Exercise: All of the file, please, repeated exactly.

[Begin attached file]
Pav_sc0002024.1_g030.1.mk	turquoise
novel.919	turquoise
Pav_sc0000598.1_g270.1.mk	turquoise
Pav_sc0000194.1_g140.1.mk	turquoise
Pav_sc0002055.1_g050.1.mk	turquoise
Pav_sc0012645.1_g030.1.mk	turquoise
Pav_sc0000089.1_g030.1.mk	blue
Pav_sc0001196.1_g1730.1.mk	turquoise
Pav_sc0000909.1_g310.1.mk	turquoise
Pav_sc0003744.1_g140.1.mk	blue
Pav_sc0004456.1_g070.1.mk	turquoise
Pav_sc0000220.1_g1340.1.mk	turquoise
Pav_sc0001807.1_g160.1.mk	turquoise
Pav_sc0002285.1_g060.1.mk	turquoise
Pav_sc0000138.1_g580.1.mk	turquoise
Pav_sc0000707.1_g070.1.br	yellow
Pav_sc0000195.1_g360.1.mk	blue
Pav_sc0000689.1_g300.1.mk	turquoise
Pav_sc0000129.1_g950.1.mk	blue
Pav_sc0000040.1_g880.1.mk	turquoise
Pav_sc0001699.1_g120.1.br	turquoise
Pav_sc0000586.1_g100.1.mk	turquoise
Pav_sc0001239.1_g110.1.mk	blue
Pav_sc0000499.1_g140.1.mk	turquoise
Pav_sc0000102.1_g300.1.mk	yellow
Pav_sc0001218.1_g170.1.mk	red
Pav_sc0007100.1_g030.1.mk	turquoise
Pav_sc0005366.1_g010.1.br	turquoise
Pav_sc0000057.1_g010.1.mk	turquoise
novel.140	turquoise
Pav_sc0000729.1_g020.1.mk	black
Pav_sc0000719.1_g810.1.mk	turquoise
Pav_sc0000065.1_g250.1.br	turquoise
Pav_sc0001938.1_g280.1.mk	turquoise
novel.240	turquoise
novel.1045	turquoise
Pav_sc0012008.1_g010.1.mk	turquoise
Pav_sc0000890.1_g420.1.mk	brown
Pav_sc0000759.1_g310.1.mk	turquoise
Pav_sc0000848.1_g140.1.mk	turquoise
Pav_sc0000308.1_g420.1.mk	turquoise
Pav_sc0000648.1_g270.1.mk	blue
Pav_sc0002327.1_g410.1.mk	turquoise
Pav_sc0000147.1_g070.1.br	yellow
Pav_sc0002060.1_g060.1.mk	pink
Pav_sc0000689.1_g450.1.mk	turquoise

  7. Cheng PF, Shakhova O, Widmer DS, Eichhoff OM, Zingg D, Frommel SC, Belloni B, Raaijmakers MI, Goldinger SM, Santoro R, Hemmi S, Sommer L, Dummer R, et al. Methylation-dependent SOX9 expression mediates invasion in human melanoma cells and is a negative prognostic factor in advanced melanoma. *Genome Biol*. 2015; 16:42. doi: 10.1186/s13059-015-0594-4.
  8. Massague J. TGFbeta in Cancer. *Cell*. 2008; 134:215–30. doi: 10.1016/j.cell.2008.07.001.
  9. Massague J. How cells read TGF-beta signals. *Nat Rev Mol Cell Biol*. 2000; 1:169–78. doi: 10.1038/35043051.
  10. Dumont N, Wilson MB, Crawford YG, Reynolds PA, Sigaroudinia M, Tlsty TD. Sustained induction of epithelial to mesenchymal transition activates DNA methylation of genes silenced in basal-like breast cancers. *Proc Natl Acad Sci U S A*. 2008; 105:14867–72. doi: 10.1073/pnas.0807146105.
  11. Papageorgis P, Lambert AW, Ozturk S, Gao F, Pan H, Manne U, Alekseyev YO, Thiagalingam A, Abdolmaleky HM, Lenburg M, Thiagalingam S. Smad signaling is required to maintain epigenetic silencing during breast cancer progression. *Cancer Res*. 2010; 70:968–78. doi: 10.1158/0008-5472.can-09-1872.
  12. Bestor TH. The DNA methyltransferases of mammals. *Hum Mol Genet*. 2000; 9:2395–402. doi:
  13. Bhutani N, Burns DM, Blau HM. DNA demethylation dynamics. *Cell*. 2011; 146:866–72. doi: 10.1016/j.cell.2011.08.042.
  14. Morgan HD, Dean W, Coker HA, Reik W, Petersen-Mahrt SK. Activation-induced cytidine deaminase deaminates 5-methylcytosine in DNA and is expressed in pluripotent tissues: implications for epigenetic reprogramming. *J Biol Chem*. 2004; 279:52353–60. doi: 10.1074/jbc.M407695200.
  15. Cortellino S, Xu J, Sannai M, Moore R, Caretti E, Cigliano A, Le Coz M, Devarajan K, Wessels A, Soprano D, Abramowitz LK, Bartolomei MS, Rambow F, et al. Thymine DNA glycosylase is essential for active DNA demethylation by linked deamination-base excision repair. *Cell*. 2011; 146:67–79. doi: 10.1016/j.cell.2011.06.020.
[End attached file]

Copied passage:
Pav_sc0002024.1_g030.1.mk	turquoise
novel.919	turquoise
Pav_sc0000598.1_g270.1.mk	turquoise
Pav_sc0000194.1_g140.1.mk	turquoise
Pav_sc0002055.1_g050.1.mk	turquoise
Pav_sc0012645.1_g030.1.mk	turquoise
Pav_sc0000089.1_g030.1.mk	blue
Pav_sc0001196.1_g1730.1.mk	turquoise
Pav_sc0000909.1_g310.1.mk	turquoise
Pav_sc0003744.1_g140.1.mk	blue
Pav_sc0004456.1_g070.1.mk	turquoise
Pav_sc0000220.1_g1340.1.mk	turquoise
Pav_sc0001807.1_g160.1.mk	turquoise
Pav_sc0002285.1_g060.1.mk	turquoise
Pav_sc0000138.1_g580.1.mk	turquoise
Pav_sc0000707.1_g070.1.br	yellow
Pav_sc0000195.1_g360.1.mk	blue
Pav_sc0000689.1_g300.1.mk	turquoise
Pav_sc0000129.1_g950.1.mk	blue
Pav_sc0000040.1_g880.1.mk	turquoise
Pav_sc0001699.1_g120.1.br	turquoise
Pav_sc0000586.1_g100.1.mk	turquoise
Pav_sc0001239.1_g110.1.mk	blue
Pav_sc0000499.1_g140.1.mk	turquoise
Pav_sc0000102.1_g300.1.mk	yellow
Pav_sc0001218.1_g170.1.mk	red
Pav_sc0007100.1_g030.1.mk	turquoise
Pav_sc0005366.1_g010.1.br	turquoise
Pav_sc0000057.1_g010.1.mk	turquoise
novel.140	turquoise
Pav_sc0000729.1_g020.1.mk	black
Pav_sc0000719.1_g810.1.mk	turquoise
Pav_sc0000065.1_g250.1.br	turquoise
Pav_sc0001938.1_g280.1.mk	turquoise
novel.240	turquoise
novel.1045	turquoise
Pav_sc0012008.1_g010.1.mk	turquoise
Pav_sc0000890.1_g420.1.mk	brown
Pav_sc0000759.1_g310.1.mk	turquoise
Pav_sc0000848.1_g140.1.mk	turquoise
Pav_sc0000308.1_g420.1.mk	turquoise
Pav_sc0000648.1_g270.1.mk	blue
Pav_sc0002327.1_g410.1.mk	turquoise
Pav_sc0000147.1_g070.1.br	yellow
Pav_sc0002060.1_g060.1.mk	pink
Pav_sc0000689.1_g450.1.mk	turquoise

  7. Cheng PF, Shakhova O, Widmer DS, Eichhoff OM, Zingg D, Frommel SC, Belloni B, Raaijmakers MI, Goldinger SM, Santoro R, Hemmi S, Sommer L, Dummer R, et al. Methylation-dependent SOX9 expression mediates invasion in human melanoma cells and is a negative prognostic factor in advanced melanoma. *Genome Biol*. 2015; 16:42. doi: 10.1186/s13059-015-0594-4.
  8. Massague J. TGFbeta in Cancer. *Cell*. 2008; 134:215–30. doi: 10.1016/j.cell.2008.07.001.
  9. Massague J. How cells read TGF-beta signals. *Nat Rev Mol Cell Biol*. 2000; 1:169–78. doi: 10.1038/35043051.
  10. Dumont N, Wilson MB, Crawford YG, Reynolds PA, Sigaroudinia M, Tlsty TD. Sustained induction of epithelial to mesenchymal transition activates DNA methylation of genes silenced in basal-like breast cancers. *Proc Natl Acad Sci U S A*. 2008; 105:14867–72. doi: 10.1073/pnas.0807146105.
  11. Papageorgis P, Lambert AW, Ozturk S, Gao F, Pan H, Manne U, Alekseyev YO, Thiagalingam A, Abdolmaleky HM, Lenburg M, Thiagalingam S. Smad signaling is required to maintain epigenetic silencing during breast cancer progression. *Cancer Res*. 2010; 70:968–78. doi: 10.1158/0008-5472.can-09-1872.
  12. Bestor TH. The DNA methyltransferases of mammals. *Hum Mol Genet*. 2000; 9:2395–402. doi:
  13. Bhutani N, Burns DM, Blau HM. DNA demethylation dynamics. *Cell*. 2011; 146:866–72. doi: 10.1016/j.cell.2011.08.042.
  14. Morgan HD, Dean W, Coker HA, Reik W, Petersen-Mahrt SK. Activation-induced cytidine deaminase deaminates 5-methylcytosine in DNA and is expressed in pluripotent tissues: implications for epigenetic reprogramming. *J Biol Chem*. 2004; 279:52353–60. doi: 10.1074/jbc.M407695200.
  15. Cortellino S, Xu J, Sannai M, Moore R, Caretti E, Cigliano A, Le Coz M, Devarajan K, Wessels A, Soprano D, Abramowitz LK, Bartolomei MS, Rambow F, et al. Thymine DNA glycosylase is essential for active DNA demethylation by linked deamination-base excision repair. *Cell*. 2011; 146:67–79. doi: 10.1016/j.cell.2011.06.020.